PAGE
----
We’re a subterranean lot, us New Yorkers. Not by choice, like mole people or Minnesotans, but by necessity: The subway is the easiest, fastest and cheapest way to get from A to B. Hence, we spend a lot of time underground—waiting for trains, riding trains, throwing momma from trains.
The last thing we want when we surface is to feel like we’re still down below. But, thanks to the ever-present scaffolding blighting our sidewalks, the city often feels like one long tunnel. The line between below ground and above ground—which used to be the sidewalk—is blurred.
Despite all that, I’m not here to write about the misery of seeing yet another scaffold going up. I’m here to write about the joy of scaffolding coming down. And what an unexpectedly glorious, uniquely New York moment it is when you happen upon it.
Before we get to that, a little clarity. When I say scaffolding, I’m referring to the steel pole structures, about one-story high, that butt out from building facades, covering the entire sidewalk. Atop, they’ve got wood planks and lots of men speaking a frenzied combination of Spanish, Polish, Slavic and sometimes even English. Walking through these structures is not dissimilar to walking through a mineshaft, right down to the dim light bulbs spaced every eight feet. (Occasionally, after midnight, you’ll encounter a solitary red bulb. Not sure what the point is, aside from terrifying you and your dog by making you feel like you’re on the set of Saw VI.)
Confession: I’ve been mislabeling these structures. Technically speaking, they’re called sidewalk sheds, but only by Department of Building employees, sidewalk shed manufacturers and building supers. I learned this from my own building’s super, Angel, when I walked outside one morning and saw half-a-dozen guys unloading a truck full of poles and planks in front of our Upper West Side building. “Oh no,” I uttered. “Scaffolding.” “You mean the sidewalk shed?” Angel said.
Why I thought my building would be spared, I don’t know. There was a silver lining, though, however slight. Maybe Angel could answer a question that had been tugging at me for quite some time: Why were these scaffolds—I mean, sidewalk sheds—in front of every other building in the city? When one comes down, another goes up. I assumed it was due to the renovation craze.
“All buildings over six stories have to repoint their facade every five years,” Angel said. “It’s a city code.”
Well, he got it mostly right. According to Department of Buildings website, Local Law 11/98 mandates that “the periodic inspection of the exterior walls and appurtenances of buildings greater than six stories in height… shall be conducted at least once every five years.” Inspecting, not repointing, is the mandate. (Yes, I had to look up appurtenances—“any built-in, nonstructural portion of a building, such as doors, windows, vents, etc.”) But, as most of these buildings are pre-war, that almost always leads to repointing, or replacing the mortar joints between bricks. So if it seems like this cycle of scaffolding is never-ending, that’s because—with more than 12,000 six or more story buildings in the city—it is.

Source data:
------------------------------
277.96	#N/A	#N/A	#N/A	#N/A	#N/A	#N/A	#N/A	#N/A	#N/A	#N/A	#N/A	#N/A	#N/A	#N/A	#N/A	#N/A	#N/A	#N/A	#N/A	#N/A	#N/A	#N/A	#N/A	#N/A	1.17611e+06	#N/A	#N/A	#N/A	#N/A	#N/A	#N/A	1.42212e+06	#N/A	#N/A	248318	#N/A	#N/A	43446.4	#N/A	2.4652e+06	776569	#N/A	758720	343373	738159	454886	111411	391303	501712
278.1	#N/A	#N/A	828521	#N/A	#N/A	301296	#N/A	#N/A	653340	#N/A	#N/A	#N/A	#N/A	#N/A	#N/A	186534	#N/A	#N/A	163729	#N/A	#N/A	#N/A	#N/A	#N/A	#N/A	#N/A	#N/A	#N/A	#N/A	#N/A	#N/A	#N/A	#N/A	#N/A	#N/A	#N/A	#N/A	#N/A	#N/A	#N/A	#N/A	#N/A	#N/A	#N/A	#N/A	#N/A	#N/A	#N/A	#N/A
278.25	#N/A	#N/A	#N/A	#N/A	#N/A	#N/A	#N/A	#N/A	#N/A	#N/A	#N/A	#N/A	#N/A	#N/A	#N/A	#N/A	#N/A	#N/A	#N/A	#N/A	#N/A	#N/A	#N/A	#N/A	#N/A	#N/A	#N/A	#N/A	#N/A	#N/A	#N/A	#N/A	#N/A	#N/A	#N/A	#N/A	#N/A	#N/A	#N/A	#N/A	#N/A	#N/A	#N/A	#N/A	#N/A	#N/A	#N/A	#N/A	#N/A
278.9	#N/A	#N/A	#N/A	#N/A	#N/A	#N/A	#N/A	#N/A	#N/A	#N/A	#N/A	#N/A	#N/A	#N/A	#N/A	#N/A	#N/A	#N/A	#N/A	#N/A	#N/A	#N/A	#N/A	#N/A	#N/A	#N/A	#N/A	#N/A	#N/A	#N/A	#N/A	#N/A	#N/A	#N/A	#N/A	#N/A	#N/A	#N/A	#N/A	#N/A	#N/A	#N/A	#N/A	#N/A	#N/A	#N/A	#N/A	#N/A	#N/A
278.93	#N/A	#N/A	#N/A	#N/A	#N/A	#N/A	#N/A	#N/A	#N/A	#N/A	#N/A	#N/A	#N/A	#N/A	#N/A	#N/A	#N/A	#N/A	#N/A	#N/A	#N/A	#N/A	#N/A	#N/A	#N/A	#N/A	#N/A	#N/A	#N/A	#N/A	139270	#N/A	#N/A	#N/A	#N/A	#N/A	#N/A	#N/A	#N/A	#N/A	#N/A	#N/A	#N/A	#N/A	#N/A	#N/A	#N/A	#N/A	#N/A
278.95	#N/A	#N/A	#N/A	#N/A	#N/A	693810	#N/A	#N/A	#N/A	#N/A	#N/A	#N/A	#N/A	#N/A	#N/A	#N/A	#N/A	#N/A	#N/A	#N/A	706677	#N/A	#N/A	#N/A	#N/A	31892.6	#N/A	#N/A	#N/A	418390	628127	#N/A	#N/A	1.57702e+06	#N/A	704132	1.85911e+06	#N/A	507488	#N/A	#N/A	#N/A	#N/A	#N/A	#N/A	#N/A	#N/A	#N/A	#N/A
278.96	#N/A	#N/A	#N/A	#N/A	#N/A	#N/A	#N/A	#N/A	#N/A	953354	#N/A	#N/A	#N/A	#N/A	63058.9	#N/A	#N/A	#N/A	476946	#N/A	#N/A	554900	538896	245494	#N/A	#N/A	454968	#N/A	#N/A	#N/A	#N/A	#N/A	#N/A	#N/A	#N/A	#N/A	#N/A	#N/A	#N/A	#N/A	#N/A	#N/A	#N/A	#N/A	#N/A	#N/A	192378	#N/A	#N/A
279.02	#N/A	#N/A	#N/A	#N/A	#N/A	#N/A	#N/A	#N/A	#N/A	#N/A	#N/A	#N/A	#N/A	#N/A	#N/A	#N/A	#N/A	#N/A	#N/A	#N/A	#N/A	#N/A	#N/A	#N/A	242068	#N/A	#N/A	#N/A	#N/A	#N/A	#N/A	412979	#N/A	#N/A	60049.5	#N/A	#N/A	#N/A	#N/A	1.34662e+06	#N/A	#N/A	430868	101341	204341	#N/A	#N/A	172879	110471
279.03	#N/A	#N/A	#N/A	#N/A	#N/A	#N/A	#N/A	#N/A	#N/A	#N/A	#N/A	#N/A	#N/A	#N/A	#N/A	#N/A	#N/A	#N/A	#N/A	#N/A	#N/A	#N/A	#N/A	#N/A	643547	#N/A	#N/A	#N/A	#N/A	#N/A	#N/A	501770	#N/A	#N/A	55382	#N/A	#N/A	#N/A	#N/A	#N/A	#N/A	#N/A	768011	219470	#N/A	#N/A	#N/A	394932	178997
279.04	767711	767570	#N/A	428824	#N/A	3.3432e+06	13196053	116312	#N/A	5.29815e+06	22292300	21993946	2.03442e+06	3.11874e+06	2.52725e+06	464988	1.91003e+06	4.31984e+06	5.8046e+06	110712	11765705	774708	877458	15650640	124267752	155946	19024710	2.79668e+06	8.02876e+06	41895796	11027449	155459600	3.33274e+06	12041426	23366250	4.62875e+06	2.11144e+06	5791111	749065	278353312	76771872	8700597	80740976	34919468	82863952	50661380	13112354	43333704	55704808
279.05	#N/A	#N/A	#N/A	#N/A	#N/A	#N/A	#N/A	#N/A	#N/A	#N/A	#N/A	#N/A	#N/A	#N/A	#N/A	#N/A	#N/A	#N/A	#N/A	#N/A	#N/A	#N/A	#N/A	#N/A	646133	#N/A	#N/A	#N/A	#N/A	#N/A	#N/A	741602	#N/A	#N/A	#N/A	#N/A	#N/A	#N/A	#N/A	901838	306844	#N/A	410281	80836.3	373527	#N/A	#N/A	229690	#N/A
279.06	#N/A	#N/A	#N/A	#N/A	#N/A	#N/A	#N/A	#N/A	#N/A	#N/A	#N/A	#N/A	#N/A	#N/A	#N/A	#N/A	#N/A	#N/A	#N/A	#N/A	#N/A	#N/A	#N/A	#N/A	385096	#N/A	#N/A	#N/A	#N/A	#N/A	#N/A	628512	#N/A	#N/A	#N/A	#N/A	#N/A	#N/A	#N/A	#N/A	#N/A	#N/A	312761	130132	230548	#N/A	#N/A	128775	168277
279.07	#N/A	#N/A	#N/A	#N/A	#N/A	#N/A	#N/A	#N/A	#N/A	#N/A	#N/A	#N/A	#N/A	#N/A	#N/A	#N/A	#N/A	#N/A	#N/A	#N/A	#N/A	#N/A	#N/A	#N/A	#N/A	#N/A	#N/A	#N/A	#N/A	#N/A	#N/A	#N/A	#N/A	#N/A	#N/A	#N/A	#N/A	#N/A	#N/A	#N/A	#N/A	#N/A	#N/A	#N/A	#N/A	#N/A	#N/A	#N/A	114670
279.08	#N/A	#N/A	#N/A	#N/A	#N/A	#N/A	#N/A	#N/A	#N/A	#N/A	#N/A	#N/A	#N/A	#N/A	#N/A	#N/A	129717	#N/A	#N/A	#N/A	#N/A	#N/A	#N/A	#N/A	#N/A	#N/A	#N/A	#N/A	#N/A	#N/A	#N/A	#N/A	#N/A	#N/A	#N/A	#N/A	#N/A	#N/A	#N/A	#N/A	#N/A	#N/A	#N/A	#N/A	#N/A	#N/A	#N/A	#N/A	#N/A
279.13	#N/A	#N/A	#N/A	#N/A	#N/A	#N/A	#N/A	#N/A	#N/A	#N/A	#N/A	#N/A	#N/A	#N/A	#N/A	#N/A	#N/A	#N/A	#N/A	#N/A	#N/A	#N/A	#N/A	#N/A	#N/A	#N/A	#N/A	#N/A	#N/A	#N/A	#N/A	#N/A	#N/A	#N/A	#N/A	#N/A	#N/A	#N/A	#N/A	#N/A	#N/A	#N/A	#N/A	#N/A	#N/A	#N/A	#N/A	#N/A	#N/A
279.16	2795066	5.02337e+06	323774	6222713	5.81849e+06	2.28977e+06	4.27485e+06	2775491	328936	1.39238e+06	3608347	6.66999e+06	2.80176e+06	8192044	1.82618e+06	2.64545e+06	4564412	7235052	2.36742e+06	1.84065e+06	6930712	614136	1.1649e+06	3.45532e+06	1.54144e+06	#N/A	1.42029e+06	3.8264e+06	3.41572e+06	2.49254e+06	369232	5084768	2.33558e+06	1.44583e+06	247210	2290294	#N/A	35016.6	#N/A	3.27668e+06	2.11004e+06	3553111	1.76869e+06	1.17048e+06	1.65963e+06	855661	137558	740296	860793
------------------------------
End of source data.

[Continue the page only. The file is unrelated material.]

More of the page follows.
New Yorkers need light, crave it like seedlings. We judge our apartments by how much light we get (one of the first questions we ask a realtor). We choose to walk on the sunny side of the street, crossing if need be. A sidewalk covered with scaffolding robs us of our prized light. Especially if it’s part of our normal going-to-work, going-to-the-gym, walking-the-dog route. Bright, open and scaffold-free one day, dank, claustrophobic and scaffolded the next. We mutter to ourselves and trudge through it, wondering how long it will be up. Repeating the ritual day in, day out, month after month, sometimes for a couple of years. We get used to it, eventually accepting it as part of our everyday surroundings.
Then one day, we’re walking down the same stretch and something feels different. It hits us. The light, that is. We feel the sun’s rays and look around and notice the scaffolding is gone. With only a few rust stains here and there on the sidewalk as proof it was ever there in the first place. And, as crazy as it sounds, we’re elated, basking in the glory of this previously nondescript, now beautiful stretch of sidewalk, ignoring the rat poison traps and smeared dog poop. It is a sublime New York moment, one out-of-towners would never understand. And one, per Local Law 11/98, we get to experience all over again in 2014.
Chuck Pagano is currently working on a collection of short stories. He can often be found playing fetch in the West 87th Street dog run with his indefatigable chocolate lab, Bailey.
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